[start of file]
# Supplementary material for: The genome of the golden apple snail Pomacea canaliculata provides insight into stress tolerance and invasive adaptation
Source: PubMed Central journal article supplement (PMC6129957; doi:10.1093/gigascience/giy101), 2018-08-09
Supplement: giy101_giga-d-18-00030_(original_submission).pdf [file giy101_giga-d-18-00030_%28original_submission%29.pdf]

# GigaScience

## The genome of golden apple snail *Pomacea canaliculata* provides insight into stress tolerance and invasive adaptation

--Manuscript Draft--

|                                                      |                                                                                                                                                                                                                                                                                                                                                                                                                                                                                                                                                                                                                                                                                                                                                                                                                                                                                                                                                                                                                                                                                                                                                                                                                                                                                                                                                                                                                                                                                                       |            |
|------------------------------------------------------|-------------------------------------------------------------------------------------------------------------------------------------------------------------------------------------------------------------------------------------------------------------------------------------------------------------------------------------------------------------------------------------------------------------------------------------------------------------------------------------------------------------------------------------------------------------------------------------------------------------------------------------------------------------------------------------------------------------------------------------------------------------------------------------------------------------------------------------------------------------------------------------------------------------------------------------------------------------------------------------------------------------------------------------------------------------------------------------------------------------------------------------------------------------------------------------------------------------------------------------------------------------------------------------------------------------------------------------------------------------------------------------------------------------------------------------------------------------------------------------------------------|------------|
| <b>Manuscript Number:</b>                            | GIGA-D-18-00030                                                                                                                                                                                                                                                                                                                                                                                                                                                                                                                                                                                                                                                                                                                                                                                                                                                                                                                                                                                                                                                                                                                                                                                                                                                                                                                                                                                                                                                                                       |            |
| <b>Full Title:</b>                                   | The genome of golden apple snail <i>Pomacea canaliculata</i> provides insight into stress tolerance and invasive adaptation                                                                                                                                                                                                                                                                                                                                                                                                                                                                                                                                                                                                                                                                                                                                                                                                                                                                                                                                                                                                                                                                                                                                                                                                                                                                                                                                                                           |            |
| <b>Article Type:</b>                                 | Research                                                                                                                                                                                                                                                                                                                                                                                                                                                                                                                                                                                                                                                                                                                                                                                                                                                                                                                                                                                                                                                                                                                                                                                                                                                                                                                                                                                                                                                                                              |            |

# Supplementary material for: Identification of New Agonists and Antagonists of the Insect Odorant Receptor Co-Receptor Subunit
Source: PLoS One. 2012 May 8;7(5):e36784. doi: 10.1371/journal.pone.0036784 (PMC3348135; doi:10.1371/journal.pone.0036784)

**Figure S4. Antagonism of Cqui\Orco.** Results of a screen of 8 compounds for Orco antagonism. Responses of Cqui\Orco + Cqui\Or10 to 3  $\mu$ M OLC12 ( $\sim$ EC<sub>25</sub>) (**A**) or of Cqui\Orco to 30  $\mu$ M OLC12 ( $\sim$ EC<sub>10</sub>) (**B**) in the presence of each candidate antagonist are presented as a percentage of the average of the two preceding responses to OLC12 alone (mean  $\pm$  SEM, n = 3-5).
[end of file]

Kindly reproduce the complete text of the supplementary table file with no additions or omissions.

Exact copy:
# Supplementary material for: The genome of the golden apple snail Pomacea canaliculata provides insight into stress tolerance and invasive adaptation
Source: PubMed Central journal article supplement (PMC6129957; doi:10.1093/gigascience/giy101), 2018-08-09
Supplement: giy101_giga-d-18-00030_(original_submission).pdf [file giy101_giga-d-18-00030_%28original_submission%29.pdf]

# GigaScience

## The genome of golden apple snail *Pomacea canaliculata* provides insight into stress tolerance and invasive adaptation

--Manuscript Draft--

|                                                      |                                                                                                                                                                                                                                                                                                                                                                                                                                                                                                                                                                                                                                                                                                                                                                                                                                                                                                                                                                                                                                                                                                                                                                                                                                                                                                                                                                                                                                                                                                       |            |
|------------------------------------------------------|-------------------------------------------------------------------------------------------------------------------------------------------------------------------------------------------------------------------------------------------------------------------------------------------------------------------------------------------------------------------------------------------------------------------------------------------------------------------------------------------------------------------------------------------------------------------------------------------------------------------------------------------------------------------------------------------------------------------------------------------------------------------------------------------------------------------------------------------------------------------------------------------------------------------------------------------------------------------------------------------------------------------------------------------------------------------------------------------------------------------------------------------------------------------------------------------------------------------------------------------------------------------------------------------------------------------------------------------------------------------------------------------------------------------------------------------------------------------------------------------------------|------------|
| <b>Manuscript Number:</b>                            | GIGA-D-18-00030                                                                                                                                                                                                                                                                                                                                                                                                                                                                                                                                                                                                                                                                                                                                                                                                                                                                                                                                                                                                                                                                                                                                                                                                                                                                                                                                                                                                                                                                                       |            |
| <b>Full Title:</b>                                   | The genome of golden apple snail <i>Pomacea canaliculata</i> provides insight into stress tolerance and invasive adaptation                                                                                                                                                                                                                                                                                                                                                                                                                                                                                                                                                                                                                                                                                                                                                                                                                                                                                                                                                                                                                                                                                                                                                                                                                                                                                                                                                                           |            |
| <b>Article Type:</b>                                 | Research                                                                                                                                                                                                                                                                                                                                                                                                                                                                                                                                                                                                                                                                                                                                                                                                                                                                                                                                                                                                                                                                                                                                                                                                                                                                                                                                                                                                                                                                                              |            |

# Supplementary material for: Identification of New Agonists and Antagonists of the Insect Odorant Receptor Co-Receptor Subunit
Source: PLoS One. 2012 May 8;7(5):e36784. doi: 10.1371/journal.pone.0036784 (PMC3348135; doi:10.1371/journal.pone.0036784)

**Figure S4. Antagonism of Cqui\Orco.** Results of a screen of 8 compounds for Orco antagonism. Responses of Cqui\Orco + Cqui\Or10 to 3  $\mu$ M OLC12 ( $\sim$ EC<sub>25</sub>) (**A**) or of Cqui\Orco to 30  $\mu$ M OLC12 ( $\sim$ EC<sub>10</sub>) (**B**) in the presence of each candidate antagonist are presented as a percentage of the average of the two preceding responses to OLC12 alone (mean  $\pm$  SEM, n = 3-5).